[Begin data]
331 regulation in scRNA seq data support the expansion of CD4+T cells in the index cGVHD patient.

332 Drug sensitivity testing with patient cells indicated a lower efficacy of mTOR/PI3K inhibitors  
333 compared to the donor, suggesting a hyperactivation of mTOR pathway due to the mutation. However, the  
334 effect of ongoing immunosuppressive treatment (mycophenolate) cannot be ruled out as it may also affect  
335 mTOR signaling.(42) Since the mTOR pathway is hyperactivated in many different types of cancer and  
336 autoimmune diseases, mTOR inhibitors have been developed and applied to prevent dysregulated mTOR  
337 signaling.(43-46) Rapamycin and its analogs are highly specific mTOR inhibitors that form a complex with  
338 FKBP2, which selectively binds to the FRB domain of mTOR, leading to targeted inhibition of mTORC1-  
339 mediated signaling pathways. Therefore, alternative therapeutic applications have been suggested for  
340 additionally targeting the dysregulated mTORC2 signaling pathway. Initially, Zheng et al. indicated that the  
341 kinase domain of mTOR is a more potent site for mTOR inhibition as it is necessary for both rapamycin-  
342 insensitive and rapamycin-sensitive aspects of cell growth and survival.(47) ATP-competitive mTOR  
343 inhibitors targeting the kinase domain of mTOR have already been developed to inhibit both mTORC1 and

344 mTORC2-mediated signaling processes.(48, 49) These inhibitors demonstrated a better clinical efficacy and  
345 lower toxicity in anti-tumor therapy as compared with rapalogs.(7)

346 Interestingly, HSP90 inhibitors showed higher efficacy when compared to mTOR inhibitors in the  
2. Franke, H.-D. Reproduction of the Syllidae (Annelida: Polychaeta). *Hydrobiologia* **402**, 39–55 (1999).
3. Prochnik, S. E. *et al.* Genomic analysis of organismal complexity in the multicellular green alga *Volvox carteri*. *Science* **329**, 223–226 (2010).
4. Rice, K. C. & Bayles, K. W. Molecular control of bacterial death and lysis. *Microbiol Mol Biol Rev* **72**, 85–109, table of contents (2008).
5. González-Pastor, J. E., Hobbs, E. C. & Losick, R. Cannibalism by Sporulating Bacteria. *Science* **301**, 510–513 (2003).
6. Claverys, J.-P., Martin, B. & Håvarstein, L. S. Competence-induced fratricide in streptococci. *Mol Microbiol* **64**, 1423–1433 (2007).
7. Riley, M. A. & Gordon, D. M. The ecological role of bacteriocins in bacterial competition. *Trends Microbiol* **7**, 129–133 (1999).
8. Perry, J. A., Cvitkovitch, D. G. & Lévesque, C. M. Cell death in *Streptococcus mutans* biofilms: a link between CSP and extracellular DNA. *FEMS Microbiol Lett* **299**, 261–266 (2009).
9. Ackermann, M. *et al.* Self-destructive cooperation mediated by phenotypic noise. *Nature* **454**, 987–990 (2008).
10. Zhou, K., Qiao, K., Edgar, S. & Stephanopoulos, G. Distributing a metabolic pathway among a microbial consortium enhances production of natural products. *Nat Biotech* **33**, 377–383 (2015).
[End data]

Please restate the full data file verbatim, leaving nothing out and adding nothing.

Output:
331 regulation in scRNA seq data support the expansion of CD4+T cells in the index cGVHD patient.

332 Drug sensitivity testing with patient cells indicated a lower efficacy of mTOR/PI3K inhibitors  
333 compared to the donor, suggesting a hyperactivation of mTOR pathway due to the mutation. However, the  
334 effect of ongoing immunosuppressive treatment (mycophenolate) cannot be ruled out as it may also affect  
335 mTOR signaling.(42) Since the mTOR pathway is hyperactivated in many different types of cancer and  
336 autoimmune diseases, mTOR inhibitors have been developed and applied to prevent dysregulated mTOR  
337 signaling.(43-46) Rapamycin and its analogs are highly specific mTOR inhibitors that form a complex with  
338 FKBP2, which selectively binds to the FRB domain of mTOR, leading to targeted inhibition of mTORC1-  
339 mediated signaling pathways. Therefore, alternative therapeutic applications have been suggested for  
340 additionally targeting the dysregulated mTORC2 signaling pathway. Initially, Zheng et al. indicated that the  
341 kinase domain of mTOR is a more potent site for mTOR inhibition as it is necessary for both rapamycin-  
342 insensitive and rapamycin-sensitive aspects of cell growth and survival.(47) ATP-competitive mTOR  
343 inhibitors targeting the kinase domain of mTOR have already been developed to inhibit both mTORC1 and

344 mTORC2-mediated signaling processes.(48, 49) These inhibitors demonstrated a better clinical efficacy and  
345 lower toxicity in anti-tumor therapy as compared with rapalogs.(7)

346 Interestingly, HSP90 inhibitors showed higher efficacy when compared to mTOR inhibitors in the  
2. Franke, H.-D. Reproduction of the Syllidae (Annelida: Polychaeta). *Hydrobiologia* **402**, 39–55 (1999).
3. Prochnik, S. E. *et al.* Genomic analysis of organismal complexity in the multicellular green alga *Volvox carteri*. *Science* **329**, 223–226 (2010).
4. Rice, K. C. & Bayles, K. W. Molecular control of bacterial death and lysis. *Microbiol Mol Biol Rev* **72**, 85–109, table of contents (2008).
5. González-Pastor, J. E., Hobbs, E. C. & Losick, R. Cannibalism by Sporulating Bacteria. *Science* **301**, 510–513 (2003).
6. Claverys, J.-P., Martin, B. & Håvarstein, L. S. Competence-induced fratricide in streptococci. *Mol Microbiol* **64**, 1423–1433 (2007).
7. Riley, M. A. & Gordon, D. M. The ecological role of bacteriocins in bacterial competition. *Trends Microbiol* **7**, 129–133 (1999).
8. Perry, J. A., Cvitkovitch, D. G. & Lévesque, C. M. Cell death in *Streptococcus mutans* biofilms: a link between CSP and extracellular DNA. *FEMS Microbiol Lett* **299**, 261–266 (2009).
9. Ackermann, M. *et al.* Self-destructive cooperation mediated by phenotypic noise. *Nature* **454**, 987–990 (2008).
10. Zhou, K., Qiao, K., Edgar, S. & Stephanopoulos, G. Distributing a metabolic pathway among a microbial consortium enhances production of natural products. *Nat Biotech* **33**, 377–383 (2015).